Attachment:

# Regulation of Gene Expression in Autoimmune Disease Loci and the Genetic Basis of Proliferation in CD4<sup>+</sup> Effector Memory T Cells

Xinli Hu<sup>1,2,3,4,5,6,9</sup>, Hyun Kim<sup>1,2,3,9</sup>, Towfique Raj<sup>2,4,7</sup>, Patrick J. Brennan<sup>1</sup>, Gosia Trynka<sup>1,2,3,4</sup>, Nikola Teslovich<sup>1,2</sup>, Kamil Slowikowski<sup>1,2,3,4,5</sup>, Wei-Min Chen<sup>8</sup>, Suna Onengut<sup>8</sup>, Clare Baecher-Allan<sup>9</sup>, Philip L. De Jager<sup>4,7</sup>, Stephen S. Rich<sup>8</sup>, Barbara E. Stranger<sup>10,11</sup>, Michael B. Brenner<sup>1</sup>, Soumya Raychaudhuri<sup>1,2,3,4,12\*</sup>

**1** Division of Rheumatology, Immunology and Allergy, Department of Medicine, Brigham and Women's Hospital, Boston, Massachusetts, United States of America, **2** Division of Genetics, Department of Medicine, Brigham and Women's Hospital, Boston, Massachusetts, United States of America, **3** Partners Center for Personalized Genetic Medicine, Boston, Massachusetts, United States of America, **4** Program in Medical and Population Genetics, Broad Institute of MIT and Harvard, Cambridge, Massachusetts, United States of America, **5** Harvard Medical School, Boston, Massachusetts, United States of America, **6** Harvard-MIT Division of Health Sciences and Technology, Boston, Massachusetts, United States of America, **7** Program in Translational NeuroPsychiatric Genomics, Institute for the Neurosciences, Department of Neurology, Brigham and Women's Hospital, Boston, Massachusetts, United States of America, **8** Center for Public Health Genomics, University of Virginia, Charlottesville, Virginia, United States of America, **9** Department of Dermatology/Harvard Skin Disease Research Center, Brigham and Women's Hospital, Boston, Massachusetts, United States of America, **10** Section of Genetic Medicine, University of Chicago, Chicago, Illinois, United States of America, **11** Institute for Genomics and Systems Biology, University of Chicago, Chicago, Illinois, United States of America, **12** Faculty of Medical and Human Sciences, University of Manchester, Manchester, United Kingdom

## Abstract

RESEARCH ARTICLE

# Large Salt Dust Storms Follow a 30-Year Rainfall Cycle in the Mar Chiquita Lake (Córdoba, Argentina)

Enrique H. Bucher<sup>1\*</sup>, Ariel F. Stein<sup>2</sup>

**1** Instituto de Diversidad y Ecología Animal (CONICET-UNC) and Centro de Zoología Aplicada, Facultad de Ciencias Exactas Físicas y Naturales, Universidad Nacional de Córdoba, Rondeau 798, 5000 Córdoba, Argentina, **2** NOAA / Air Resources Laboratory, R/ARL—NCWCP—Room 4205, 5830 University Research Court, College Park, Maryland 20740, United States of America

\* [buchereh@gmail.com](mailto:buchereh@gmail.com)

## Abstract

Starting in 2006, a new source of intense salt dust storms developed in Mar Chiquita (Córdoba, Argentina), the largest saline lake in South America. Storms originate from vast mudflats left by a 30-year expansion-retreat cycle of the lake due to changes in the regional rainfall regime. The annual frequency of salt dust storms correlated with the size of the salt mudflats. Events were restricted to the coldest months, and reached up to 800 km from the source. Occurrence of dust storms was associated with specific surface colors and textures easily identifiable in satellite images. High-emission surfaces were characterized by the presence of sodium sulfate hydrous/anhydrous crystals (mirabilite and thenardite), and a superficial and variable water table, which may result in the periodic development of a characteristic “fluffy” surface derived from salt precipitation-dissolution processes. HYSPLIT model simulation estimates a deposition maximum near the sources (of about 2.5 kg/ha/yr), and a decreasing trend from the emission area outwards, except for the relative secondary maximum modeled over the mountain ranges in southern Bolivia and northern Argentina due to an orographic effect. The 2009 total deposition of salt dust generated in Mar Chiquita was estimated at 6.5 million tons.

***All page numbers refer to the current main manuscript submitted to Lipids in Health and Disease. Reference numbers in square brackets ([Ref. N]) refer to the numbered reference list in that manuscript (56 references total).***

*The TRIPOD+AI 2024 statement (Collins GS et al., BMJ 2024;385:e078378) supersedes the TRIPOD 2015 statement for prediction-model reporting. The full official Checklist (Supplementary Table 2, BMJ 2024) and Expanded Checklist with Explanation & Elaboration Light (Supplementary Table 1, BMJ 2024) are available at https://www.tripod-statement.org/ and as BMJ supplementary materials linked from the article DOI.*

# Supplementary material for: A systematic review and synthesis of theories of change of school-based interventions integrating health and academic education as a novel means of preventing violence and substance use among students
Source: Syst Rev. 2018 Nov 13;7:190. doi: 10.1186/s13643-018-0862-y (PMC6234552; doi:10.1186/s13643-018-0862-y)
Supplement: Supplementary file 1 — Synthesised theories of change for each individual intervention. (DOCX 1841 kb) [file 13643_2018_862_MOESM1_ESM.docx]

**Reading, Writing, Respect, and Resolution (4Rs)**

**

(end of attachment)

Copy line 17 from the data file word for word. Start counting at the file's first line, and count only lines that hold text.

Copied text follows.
**Reading, Writing, Respect, and Resolution (4Rs)**